Labelling alcohol products: It’s time to put the facts where they belong – on the bottle

Government must step up in absence of EU regulation on providing product information

A drinker consuming a low-risk level of alcohol on a weekly basis is equivalent to almost an additional day’s calories. Photograph: Getty Images/iStock

A drinker consuming a low-risk level of alcohol on a weekly basis is equivalent to almost an additional day’s calories. Photograph: Getty Images/iStock

 

Unlike most other consumable products sold in Ireland, alcohol producers are currently not obliged to list contents, ingredients or nutritional values. This reflects the undesirable and irrational fact that there is no harmonising EU legislation regarding listing ingredients, nutritional values or health warnings on alcoholic beverages. In contrast to tobacco, alcohol products are not required to display any health warnings on their products.

Alcoholic beverages, above 1.2 per cent alcohol by volume have benefited from special treatment in all EU regulation on labelling, in a manner that facilitates alcohol harm. At present, they are largely exempted from international conventions and from key food legislation that mandates labelling of ingredients and nutritional information. The World Health Organisation (WHO) has long called for mandatory content and nutritional labelling and health messages for alcohol products. The Brewers are a notable exception who at least, since 2015, have promoted a voluntary disclosure to display specific consumer information.

It is a fundamental right of consumers to make informed choices about the products they purchase, and it is the obligation of government to ensure citizens are able to do so. Adequate labelling of alcohol products must be viewed as part of a comprehensive strategy to provide information and educate consumers to prevent, and reduce, alcohol-related harm.

The Government, guided by a significant deficit in public awareness of the inherent risk associated with alcohol consumption, and mindful of the impact on public health outcomes, has sought to address this vacuum with real leadership. The provisions of the Public Health (Alcohol) Bill seek to establish a regulatory environment to ensure all alcohol products, sold in the State, display information on alcohol content, energy value, appropriate health warnings and information portal details.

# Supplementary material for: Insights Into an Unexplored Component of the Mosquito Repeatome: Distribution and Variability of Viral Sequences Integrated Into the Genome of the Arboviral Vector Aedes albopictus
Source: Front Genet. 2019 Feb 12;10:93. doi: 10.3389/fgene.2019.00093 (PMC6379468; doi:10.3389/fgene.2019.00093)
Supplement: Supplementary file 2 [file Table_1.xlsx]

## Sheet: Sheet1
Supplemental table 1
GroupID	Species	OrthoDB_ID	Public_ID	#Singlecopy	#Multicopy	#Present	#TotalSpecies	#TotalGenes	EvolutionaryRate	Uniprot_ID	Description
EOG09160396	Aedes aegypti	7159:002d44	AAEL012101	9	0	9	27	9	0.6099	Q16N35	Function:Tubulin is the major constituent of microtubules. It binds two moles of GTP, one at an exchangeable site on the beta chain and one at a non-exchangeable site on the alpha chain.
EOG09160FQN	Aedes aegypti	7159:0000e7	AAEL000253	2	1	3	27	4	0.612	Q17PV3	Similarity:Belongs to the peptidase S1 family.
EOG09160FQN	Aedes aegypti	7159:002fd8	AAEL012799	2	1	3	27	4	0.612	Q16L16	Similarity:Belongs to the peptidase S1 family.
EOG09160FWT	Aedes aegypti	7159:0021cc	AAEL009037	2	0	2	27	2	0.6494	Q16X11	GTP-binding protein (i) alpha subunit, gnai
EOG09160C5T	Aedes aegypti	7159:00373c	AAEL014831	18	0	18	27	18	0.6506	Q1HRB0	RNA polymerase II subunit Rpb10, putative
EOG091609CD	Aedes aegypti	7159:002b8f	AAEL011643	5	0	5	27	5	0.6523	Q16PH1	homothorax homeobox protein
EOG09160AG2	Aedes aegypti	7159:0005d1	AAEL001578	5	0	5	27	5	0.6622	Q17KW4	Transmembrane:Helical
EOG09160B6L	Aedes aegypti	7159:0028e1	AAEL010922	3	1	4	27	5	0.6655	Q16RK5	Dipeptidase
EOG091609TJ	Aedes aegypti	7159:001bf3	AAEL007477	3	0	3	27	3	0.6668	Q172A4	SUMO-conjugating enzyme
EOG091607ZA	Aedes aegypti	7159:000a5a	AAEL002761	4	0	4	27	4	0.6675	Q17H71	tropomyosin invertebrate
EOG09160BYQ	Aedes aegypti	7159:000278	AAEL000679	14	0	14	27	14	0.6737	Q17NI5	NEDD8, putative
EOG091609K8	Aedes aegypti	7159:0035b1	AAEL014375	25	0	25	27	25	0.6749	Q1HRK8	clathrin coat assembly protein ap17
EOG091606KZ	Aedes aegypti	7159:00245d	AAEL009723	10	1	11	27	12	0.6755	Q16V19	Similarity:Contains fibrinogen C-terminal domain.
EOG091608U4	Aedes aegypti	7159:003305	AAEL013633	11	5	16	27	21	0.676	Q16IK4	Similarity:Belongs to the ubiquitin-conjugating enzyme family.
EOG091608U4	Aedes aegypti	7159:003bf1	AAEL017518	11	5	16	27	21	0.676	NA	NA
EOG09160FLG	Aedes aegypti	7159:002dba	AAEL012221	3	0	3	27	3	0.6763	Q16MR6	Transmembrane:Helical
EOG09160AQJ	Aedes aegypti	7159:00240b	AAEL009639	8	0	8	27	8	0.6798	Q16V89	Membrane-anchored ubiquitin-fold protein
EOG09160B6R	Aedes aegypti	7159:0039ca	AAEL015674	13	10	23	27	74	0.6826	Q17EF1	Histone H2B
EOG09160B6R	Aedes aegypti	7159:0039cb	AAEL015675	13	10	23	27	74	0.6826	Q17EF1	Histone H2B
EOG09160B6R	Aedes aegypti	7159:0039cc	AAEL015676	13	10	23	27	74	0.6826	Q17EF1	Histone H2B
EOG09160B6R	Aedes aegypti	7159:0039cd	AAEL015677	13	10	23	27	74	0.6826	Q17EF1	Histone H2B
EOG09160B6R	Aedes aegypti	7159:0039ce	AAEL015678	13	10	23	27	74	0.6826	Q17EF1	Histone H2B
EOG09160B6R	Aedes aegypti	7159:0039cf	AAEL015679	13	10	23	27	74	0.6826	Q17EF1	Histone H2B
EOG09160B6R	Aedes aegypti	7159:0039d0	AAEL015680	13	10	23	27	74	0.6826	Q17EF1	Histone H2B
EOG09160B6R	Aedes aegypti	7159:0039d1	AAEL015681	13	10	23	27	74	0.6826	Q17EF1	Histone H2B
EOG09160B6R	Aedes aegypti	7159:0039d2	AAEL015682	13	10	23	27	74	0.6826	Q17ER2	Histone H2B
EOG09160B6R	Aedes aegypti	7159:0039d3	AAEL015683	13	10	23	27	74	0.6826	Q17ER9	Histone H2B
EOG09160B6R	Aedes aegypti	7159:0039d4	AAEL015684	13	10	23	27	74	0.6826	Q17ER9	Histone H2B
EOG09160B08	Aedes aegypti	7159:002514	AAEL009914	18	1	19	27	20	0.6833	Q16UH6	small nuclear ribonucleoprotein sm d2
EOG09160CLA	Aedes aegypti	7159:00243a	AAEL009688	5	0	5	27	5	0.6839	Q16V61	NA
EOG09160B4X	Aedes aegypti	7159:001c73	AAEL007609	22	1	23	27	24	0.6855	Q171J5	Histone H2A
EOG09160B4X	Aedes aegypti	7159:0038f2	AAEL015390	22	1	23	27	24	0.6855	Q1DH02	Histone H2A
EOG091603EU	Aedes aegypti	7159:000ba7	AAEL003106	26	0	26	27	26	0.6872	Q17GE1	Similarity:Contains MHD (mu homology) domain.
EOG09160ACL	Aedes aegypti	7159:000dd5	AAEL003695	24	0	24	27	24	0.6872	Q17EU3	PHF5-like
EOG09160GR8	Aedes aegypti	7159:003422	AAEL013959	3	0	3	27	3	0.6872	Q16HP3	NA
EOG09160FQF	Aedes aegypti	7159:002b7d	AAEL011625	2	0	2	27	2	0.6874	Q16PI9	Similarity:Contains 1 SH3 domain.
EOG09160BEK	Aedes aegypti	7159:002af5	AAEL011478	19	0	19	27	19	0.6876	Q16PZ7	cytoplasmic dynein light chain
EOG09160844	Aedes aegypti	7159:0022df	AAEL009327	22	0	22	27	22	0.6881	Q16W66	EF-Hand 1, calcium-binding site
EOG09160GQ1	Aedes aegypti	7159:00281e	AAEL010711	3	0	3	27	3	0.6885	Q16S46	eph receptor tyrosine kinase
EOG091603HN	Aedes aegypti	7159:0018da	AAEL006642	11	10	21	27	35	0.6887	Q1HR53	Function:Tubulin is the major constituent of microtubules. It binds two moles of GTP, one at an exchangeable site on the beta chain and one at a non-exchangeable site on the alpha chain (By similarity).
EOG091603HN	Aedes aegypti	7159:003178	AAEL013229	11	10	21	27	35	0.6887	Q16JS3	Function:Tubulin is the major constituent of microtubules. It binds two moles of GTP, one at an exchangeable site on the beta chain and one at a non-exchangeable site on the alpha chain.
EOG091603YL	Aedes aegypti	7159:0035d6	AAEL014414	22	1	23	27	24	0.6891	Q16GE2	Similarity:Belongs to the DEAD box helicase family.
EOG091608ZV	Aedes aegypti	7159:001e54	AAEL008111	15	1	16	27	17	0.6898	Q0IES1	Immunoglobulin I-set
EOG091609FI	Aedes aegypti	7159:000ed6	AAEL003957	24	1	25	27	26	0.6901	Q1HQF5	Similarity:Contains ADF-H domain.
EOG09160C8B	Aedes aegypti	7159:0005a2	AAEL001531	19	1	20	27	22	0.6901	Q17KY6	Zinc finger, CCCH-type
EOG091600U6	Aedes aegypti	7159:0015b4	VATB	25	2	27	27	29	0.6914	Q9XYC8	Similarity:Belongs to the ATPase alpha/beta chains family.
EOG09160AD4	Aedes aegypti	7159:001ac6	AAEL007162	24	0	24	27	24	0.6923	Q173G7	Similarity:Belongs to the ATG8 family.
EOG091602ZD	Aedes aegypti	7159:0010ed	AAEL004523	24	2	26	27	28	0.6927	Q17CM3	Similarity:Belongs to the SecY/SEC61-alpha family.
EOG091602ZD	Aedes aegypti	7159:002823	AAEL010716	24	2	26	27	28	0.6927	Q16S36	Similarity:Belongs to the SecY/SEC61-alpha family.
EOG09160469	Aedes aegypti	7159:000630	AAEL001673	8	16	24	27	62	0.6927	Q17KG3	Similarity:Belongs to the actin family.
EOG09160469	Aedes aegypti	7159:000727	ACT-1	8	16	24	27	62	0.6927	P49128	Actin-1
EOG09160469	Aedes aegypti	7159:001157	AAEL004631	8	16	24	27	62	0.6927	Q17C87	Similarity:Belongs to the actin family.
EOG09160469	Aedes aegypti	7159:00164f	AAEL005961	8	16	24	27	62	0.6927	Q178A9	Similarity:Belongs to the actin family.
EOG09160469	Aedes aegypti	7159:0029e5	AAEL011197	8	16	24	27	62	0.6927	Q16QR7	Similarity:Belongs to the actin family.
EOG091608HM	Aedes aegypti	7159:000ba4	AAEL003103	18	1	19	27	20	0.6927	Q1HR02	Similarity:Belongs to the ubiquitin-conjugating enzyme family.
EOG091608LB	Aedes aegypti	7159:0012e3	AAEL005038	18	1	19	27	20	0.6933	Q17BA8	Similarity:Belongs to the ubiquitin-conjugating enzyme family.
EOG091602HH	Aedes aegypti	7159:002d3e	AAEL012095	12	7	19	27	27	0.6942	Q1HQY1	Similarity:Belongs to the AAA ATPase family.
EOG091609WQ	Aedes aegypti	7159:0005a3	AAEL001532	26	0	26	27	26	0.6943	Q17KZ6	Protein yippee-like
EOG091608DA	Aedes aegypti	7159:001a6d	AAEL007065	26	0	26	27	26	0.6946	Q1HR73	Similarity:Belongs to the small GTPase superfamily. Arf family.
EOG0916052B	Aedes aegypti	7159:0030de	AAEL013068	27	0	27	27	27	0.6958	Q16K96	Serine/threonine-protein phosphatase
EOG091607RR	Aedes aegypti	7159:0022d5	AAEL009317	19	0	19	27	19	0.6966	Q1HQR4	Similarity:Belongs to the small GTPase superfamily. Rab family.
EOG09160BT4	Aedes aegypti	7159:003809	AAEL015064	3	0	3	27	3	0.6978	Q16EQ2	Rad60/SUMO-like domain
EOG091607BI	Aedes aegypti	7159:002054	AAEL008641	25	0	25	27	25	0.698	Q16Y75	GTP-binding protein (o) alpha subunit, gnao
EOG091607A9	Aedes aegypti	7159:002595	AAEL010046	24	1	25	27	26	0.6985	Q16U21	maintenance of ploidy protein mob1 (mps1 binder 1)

The harms of alcohol across society are well documented. Alcohol is the most common cause of cirrhosis and liver failure. Alcohol is recognised as a Group 1 carcinogen by the WHO’s International Agency for Research on Cancer, ie a definite cause of cancer, including the two most common fatal cancers in Ireland, breast and bowel/colon.

Working as a liver doctor in a large hospital in Dublin, all too frequently I care for patients who have fatal illnesses and cancers as a direct result of consuming alcohol. They, and their families, frequently say that they did not know that alcohol consumption would harm them so seriously. They have every right to feel aggrieved at the alcohol companies who have failed to inform consumers, and an EU authority that has failed to establish adequate regulation to highlight the detrimental effects of alcohol products.

Gradual change

An open and transparent alcohol labelling policy cannot be seen as an initiative that will modify harmful behaviour overnight, but as a measure to bring gradual, constructive change over time. Most drinkers in Ireland underestimate how much alcohol they consume, and in the context that the public health objective is to encourage low risk consumption, consumers need to easily understand how much alcohol they consume.

Alcohol products are a major source of calorie intake and a contributor to obesity. Clear presentation of information such as energy values (kilojoules/kilocalories) alcoholic products will also enhance individual awareness of the under-appreciated contribution made by “invisible calories” in alcohol to obesity. A drinker consuming a low-risk level of alcohol on a weekly basis is equivalent to almost an additional day’s calories.

Evidence from other countries has demonstrated that a voluntary pledge by the alcohol industry to provide product information does not lead to significant provision of such information to consumers. Furthermore, the proposal by industry that it is sufficient to provide alcohol product information online only, misses the crucial point of providing easy consumer access at the most immediate point of decision-making.

Product-labelling regulation is increasingly an important instrument in influencing social norms around alcohol consumption. Many jurisdictions throughout North America, Asia, Africa and the Middle East, which also feature among the markets for Irish exports, have adopted proactive measures that contribute to ensure a better-informed population.

I suggest that we ask ourselves a simple question: is it right that alcohol products aren’t labelled to outline their ingredients, calorie content and warnings about some or all of their risks?

I suggest that it is a wrong that should be corrected.

The time has come for mandatory labelling and warnings on alcohol products. The idea that such harmful products are exempt from regulation is outmoded. The labelling and warning provisions of the Public Health (Alcohol) Bill are a very progressive measure and must now be implemented without further delay.

– Prof Frank Murray, is a consultant in hepatology & gastroenterology, and chair, Alcohol Health Alliance Ireland. Prof Murray will this week address the EASL 2018 International Liver Congress in Paris, highlighting the need for a renewal of EU Alcohol Strategy.

Read: HSE alcohol limits may still put drinkers’ health at risk

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